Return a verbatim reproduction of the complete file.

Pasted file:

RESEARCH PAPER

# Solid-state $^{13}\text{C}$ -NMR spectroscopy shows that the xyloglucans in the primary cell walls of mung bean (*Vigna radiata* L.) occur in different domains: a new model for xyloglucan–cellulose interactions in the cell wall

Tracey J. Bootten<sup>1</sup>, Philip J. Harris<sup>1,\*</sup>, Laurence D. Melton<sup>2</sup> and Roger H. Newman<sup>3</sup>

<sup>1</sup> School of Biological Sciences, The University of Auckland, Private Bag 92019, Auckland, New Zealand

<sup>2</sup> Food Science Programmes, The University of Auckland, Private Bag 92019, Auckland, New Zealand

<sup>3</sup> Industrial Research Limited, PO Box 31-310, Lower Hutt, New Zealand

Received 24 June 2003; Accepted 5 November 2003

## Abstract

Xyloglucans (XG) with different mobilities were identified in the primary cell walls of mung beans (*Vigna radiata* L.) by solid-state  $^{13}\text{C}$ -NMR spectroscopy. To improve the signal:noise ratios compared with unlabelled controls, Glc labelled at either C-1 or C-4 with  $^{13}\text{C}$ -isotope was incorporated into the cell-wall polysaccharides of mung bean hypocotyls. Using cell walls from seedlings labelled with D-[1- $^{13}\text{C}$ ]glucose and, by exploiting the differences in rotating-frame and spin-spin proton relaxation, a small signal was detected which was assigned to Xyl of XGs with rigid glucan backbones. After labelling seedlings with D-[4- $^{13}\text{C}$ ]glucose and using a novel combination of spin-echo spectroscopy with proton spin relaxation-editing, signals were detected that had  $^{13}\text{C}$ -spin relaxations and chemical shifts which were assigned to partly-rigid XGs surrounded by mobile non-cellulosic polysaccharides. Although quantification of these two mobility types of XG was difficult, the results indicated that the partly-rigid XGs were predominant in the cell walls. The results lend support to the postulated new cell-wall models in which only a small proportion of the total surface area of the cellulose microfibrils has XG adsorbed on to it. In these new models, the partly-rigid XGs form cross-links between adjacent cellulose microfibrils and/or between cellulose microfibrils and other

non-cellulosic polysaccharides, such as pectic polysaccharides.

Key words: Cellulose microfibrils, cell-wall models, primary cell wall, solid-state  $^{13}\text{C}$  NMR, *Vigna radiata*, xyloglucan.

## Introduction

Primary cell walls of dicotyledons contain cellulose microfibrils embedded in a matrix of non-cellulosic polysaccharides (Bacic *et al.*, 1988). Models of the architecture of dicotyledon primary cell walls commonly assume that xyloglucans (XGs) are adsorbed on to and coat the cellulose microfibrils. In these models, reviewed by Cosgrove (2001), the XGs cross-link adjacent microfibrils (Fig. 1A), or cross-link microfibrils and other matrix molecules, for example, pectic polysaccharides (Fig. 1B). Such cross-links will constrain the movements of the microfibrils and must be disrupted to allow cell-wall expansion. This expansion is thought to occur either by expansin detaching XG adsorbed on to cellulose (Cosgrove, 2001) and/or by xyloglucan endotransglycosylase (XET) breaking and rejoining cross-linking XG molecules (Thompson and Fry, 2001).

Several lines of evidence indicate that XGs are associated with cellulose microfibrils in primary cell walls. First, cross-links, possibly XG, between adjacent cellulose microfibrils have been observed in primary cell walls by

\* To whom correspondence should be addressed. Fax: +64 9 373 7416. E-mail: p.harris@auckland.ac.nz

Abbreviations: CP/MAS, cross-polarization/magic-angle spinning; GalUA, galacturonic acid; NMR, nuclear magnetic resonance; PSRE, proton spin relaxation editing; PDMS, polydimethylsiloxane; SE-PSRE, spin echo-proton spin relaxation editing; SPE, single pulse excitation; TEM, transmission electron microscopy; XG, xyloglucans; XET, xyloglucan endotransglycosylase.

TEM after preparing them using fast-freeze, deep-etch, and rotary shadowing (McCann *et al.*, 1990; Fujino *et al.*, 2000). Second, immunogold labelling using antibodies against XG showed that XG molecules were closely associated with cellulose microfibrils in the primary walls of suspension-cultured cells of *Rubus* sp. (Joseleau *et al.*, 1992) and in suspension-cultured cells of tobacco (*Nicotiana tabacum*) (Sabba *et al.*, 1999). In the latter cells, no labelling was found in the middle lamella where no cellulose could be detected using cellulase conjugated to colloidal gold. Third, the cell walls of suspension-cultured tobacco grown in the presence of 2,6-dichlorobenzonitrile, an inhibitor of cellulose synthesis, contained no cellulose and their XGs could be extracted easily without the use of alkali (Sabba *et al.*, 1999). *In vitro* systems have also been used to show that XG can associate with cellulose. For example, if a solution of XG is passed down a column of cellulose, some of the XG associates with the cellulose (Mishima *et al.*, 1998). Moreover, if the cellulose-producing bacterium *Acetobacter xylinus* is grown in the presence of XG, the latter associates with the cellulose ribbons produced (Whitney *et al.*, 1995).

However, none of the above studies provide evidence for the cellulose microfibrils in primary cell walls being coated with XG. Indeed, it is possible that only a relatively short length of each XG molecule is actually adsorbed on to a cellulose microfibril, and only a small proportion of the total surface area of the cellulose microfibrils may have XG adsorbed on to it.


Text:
RESEARCH PAPER

# Solid-state $^{13}\text{C}$ -NMR spectroscopy shows that the xyloglucans in the primary cell walls of mung bean (*Vigna radiata* L.) occur in different domains: a new model for xyloglucan–cellulose interactions in the cell wall

Tracey J. Bootten<sup>1</sup>, Philip J. Harris<sup>1,\*</sup>, Laurence D. Melton<sup>2</sup> and Roger H. Newman<sup>3</sup>

<sup>1</sup> School of Biological Sciences, The University of Auckland, Private Bag 92019, Auckland, New Zealand

<sup>2</sup> Food Science Programmes, The University of Auckland, Private Bag 92019, Auckland, New Zealand

<sup>3</sup> Industrial Research Limited, PO Box 31-310, Lower Hutt, New Zealand

Received 24 June 2003; Accepted 5 November 2003

## Abstract

Xyloglucans (XG) with different mobilities were identified in the primary cell walls of mung beans (*Vigna radiata* L.) by solid-state  $^{13}\text{C}$ -NMR spectroscopy. To improve the signal:noise ratios compared with unlabelled controls, Glc labelled at either C-1 or C-4 with  $^{13}\text{C}$ -isotope was incorporated into the cell-wall polysaccharides of mung bean hypocotyls. Using cell walls from seedlings labelled with D-[1- $^{13}\text{C}$ ]glucose and, by exploiting the differences in rotating-frame and spin-spin proton relaxation, a small signal was detected which was assigned to Xyl of XGs with rigid glucan backbones. After labelling seedlings with D-[4- $^{13}\text{C}$ ]glucose and using a novel combination of spin-echo spectroscopy with proton spin relaxation-editing, signals were detected that had  $^{13}\text{C}$ -spin relaxations and chemical shifts which were assigned to partly-rigid XGs surrounded by mobile non-cellulosic polysaccharides. Although quantification of these two mobility types of XG was difficult, the results indicated that the partly-rigid XGs were predominant in the cell walls. The results lend support to the postulated new cell-wall models in which only a small proportion of the total surface area of the cellulose microfibrils has XG adsorbed on to it. In these new models, the partly-rigid XGs form cross-links between adjacent cellulose microfibrils and/or between cellulose microfibrils and other

non-cellulosic polysaccharides, such as pectic polysaccharides.

Key words: Cellulose microfibrils, cell-wall models, primary cell wall, solid-state  $^{13}\text{C}$  NMR, *Vigna radiata*, xyloglucan.

## Introduction

Primary cell walls of dicotyledons contain cellulose microfibrils embedded in a matrix of non-cellulosic polysaccharides (Bacic *et al.*, 1988). Models of the architecture of dicotyledon primary cell walls commonly assume that xyloglucans (XGs) are adsorbed on to and coat the cellulose microfibrils. In these models, reviewed by Cosgrove (2001), the XGs cross-link adjacent microfibrils (Fig. 1A), or cross-link microfibrils and other matrix molecules, for example, pectic polysaccharides (Fig. 1B). Such cross-links will constrain the movements of the microfibrils and must be disrupted to allow cell-wall expansion. This expansion is thought to occur either by expansin detaching XG adsorbed on to cellulose (Cosgrove, 2001) and/or by xyloglucan endotransglycosylase (XET) breaking and rejoining cross-linking XG molecules (Thompson and Fry, 2001).

Several lines of evidence indicate that XGs are associated with cellulose microfibrils in primary cell walls. First, cross-links, possibly XG, between adjacent cellulose microfibrils have been observed in primary cell walls by

\* To whom correspondence should be addressed. Fax: +64 9 373 7416. E-mail: p.harris@auckland.ac.nz

Abbreviations: CP/MAS, cross-polarization/magic-angle spinning; GalUA, galacturonic acid; NMR, nuclear magnetic resonance; PSRE, proton spin relaxation editing; PDMS, polydimethylsiloxane; SE-PSRE, spin echo-proton spin relaxation editing; SPE, single pulse excitation; TEM, transmission electron microscopy; XG, xyloglucans; XET, xyloglucan endotransglycosylase.

TEM after preparing them using fast-freeze, deep-etch, and rotary shadowing (McCann *et al.*, 1990; Fujino *et al.*, 2000). Second, immunogold labelling using antibodies against XG showed that XG molecules were closely associated with cellulose microfibrils in the primary walls of suspension-cultured cells of *Rubus* sp. (Joseleau *et al.*, 1992) and in suspension-cultured cells of tobacco (*Nicotiana tabacum*) (Sabba *et al.*, 1999). In the latter cells, no labelling was found in the middle lamella where no cellulose could be detected using cellulase conjugated to colloidal gold. Third, the cell walls of suspension-cultured tobacco grown in the presence of 2,6-dichlorobenzonitrile, an inhibitor of cellulose synthesis, contained no cellulose and their XGs could be extracted easily without the use of alkali (Sabba *et al.*, 1999). *In vitro* systems have also been used to show that XG can associate with cellulose. For example, if a solution of XG is passed down a column of cellulose, some of the XG associates with the cellulose (Mishima *et al.*, 1998). Moreover, if the cellulose-producing bacterium *Acetobacter xylinus* is grown in the presence of XG, the latter associates with the cellulose ribbons produced (Whitney *et al.*, 1995).

However, none of the above studies provide evidence for the cellulose microfibrils in primary cell walls being coated with XG. Indeed, it is possible that only a relatively short length of each XG molecule is actually adsorbed on to a cellulose microfibril, and only a small proportion of the total surface area of the cellulose microfibrils may have XG adsorbed on to it.